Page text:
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I am using hash for authenticating the signature of the message. since the hash will be part of a url that is used for QR code, I would like to keep the hash as short as possible in order to generate a less complicated qr code which is easy to scan.

Now I am using md5 hmac to compute the hash which already generates a shorter one(32) than SHA256. But it isn't short enough and I am thinking of truncating the hash to get a even shorter one. say length of 16.

I would like to get your opinion on how is this method, does it make the hash easily cracked practically? or if there is better method?

thanks!

  • Just a curious question: why can't you use a URL shortening service? – mtahmed Oct 14 '14 at 1:43
  • QR code is not pregenerated so can't rely on the network availability. besides, shortening services are usually just incremental digits with base62 thus make them guessable and get to the real url. – perlwle Oct 14 '14 at 4:43
  • @perlwle A shortening service will usually be a little more cunning with its address space: The internal counter is never shown - or even doesn't exist (pure hashing); being run through a cryptographic hash to produce the public shortened URL. Perhaps then passed through Base58Check encoding to remove lookalike characters. Still, secret URLs shouldn't go through a public URL shortening service. – LateralFractal Oct 14 '14 at 6:15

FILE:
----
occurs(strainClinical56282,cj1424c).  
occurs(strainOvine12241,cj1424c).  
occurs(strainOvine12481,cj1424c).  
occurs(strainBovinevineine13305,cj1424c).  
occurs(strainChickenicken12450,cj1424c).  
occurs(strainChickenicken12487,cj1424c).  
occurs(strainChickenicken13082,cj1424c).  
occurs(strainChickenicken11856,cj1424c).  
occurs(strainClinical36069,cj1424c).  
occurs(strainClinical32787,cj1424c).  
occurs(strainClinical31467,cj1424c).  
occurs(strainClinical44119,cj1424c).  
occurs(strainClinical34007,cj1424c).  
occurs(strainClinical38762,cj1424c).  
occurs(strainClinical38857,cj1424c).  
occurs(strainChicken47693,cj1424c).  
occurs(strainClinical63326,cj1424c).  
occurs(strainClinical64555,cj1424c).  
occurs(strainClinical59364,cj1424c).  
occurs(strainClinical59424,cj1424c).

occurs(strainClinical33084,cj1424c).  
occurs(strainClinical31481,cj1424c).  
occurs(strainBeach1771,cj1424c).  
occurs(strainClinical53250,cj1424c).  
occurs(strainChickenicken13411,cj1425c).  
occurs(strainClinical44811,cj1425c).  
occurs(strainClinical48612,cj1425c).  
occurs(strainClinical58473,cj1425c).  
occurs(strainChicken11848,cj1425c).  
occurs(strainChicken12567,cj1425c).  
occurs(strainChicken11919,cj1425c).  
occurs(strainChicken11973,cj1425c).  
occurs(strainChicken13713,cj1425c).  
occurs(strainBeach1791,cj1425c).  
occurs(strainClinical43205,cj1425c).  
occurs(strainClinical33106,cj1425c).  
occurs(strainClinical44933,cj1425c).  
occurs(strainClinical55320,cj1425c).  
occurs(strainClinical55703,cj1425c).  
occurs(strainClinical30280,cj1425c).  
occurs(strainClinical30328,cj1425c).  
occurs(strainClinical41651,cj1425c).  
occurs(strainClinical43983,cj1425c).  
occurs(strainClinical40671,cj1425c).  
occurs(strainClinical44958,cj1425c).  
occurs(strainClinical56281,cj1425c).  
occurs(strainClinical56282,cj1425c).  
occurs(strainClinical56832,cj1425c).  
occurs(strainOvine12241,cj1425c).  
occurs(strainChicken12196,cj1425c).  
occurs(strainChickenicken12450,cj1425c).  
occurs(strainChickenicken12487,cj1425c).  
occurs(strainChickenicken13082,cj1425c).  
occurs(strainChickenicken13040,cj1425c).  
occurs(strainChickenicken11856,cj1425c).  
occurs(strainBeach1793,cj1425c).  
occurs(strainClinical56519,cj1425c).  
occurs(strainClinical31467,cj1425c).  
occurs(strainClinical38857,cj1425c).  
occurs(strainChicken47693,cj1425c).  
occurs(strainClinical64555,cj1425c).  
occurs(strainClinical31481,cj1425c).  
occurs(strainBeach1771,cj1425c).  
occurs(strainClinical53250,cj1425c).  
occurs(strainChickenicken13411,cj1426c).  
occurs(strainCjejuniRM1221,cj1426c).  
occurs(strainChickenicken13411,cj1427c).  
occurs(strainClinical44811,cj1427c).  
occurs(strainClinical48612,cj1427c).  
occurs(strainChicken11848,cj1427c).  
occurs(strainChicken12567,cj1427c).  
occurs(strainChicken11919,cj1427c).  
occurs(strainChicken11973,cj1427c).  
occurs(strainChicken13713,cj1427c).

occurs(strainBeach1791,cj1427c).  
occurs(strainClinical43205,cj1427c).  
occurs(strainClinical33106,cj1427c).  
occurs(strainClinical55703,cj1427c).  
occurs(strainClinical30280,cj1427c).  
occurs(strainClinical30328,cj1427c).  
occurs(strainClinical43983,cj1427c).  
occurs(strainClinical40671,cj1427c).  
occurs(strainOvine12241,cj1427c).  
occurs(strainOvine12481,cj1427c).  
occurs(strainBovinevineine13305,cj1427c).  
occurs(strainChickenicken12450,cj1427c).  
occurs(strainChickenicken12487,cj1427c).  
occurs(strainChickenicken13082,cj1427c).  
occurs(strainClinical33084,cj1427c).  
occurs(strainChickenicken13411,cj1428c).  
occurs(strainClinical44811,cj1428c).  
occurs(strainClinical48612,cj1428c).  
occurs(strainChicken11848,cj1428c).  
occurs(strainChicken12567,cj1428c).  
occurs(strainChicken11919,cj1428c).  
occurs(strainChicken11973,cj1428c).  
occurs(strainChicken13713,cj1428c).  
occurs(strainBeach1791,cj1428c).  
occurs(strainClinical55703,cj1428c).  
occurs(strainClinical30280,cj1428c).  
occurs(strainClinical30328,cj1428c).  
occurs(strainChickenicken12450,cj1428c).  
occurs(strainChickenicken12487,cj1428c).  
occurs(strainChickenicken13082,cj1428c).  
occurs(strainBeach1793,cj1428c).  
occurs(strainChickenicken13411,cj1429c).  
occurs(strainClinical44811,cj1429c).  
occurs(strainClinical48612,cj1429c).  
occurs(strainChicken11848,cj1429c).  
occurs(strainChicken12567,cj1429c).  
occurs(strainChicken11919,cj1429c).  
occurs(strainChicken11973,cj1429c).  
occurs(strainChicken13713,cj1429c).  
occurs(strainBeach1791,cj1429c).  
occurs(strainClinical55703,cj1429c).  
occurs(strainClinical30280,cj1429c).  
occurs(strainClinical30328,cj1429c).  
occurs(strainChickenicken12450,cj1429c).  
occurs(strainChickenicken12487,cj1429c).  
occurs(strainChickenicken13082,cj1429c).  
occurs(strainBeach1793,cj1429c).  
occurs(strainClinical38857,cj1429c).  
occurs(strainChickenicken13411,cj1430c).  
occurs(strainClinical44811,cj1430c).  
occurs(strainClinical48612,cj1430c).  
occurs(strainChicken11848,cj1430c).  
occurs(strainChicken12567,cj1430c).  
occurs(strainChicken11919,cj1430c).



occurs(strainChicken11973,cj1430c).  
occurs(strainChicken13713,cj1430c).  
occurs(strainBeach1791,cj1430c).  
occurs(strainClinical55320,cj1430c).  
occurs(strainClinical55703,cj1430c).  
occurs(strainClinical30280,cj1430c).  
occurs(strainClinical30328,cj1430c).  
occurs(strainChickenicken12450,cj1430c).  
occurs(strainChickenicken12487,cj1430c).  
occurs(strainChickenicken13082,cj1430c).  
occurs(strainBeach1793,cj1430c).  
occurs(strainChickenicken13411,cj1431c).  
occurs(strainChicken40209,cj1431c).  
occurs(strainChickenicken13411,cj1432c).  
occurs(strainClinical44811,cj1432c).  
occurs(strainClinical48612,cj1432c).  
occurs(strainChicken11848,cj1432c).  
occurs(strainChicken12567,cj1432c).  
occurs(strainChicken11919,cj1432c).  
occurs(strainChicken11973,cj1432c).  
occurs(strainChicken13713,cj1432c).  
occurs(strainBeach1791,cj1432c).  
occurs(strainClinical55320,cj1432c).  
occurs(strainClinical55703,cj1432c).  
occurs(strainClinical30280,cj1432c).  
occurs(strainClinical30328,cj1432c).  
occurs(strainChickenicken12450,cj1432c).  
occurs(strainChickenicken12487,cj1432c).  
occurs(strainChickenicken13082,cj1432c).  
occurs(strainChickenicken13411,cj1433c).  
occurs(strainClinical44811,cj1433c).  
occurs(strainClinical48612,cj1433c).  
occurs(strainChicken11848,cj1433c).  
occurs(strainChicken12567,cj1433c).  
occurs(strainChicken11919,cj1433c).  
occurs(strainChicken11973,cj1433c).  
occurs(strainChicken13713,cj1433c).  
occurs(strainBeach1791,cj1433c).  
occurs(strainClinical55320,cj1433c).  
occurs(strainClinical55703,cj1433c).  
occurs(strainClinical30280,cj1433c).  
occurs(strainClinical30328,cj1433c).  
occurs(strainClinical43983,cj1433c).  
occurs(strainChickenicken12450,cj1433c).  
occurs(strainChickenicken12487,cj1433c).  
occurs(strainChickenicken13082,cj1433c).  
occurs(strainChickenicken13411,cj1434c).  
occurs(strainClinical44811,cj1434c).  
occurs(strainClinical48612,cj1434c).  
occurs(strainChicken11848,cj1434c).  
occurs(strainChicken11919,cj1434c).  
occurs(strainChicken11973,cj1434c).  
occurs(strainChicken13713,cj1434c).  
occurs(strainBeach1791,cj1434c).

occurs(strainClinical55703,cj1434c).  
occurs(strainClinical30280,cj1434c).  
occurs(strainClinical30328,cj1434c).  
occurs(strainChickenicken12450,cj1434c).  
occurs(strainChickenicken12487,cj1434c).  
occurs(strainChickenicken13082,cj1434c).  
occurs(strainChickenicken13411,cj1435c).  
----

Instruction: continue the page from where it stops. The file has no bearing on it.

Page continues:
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Truncating a well designed cryptographic hash digest should not result any security weaknesses other than a reduction in the collision space. As these hash algorithms have a key design requirement of being uniformly distributed across the hash space.

All other things equal, using a more modern hash algorithm (SHA) and truncating it is safer than using an older one (MD5).

  • Amusingly, for specific scenarios, it can be useful to truncate a cryptographic hash to a single byte - boy did the old school techs have difficulty wrapping their heads around that one. (Scenario being fuzzy matching of masked data) – LateralFractal Oct 14 '14 at 2:47
  • a reduction in the collision space means it will be easier to find a collision, right? is it a real threat with brutal force search? – perlwle Oct 14 '14 at 5:56
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    @perlwle Say you want 2^16 instead of 2^256. This is a phenomenal drop in collision space size. At 2^16 or 2^32 it will be trivially easy to produce another semantically valid message with the same hash. Whilst QR codes are less responsive at longer sizes, anything less than 128 bits is too low for practical protection. The problem is that if you are using the QR code for a URL, you have to store the hash component less efficiently. A 128 bit digest in Base64 will add about 22 characters to your URL length. – LateralFractal Oct 14 '14 at 6:10

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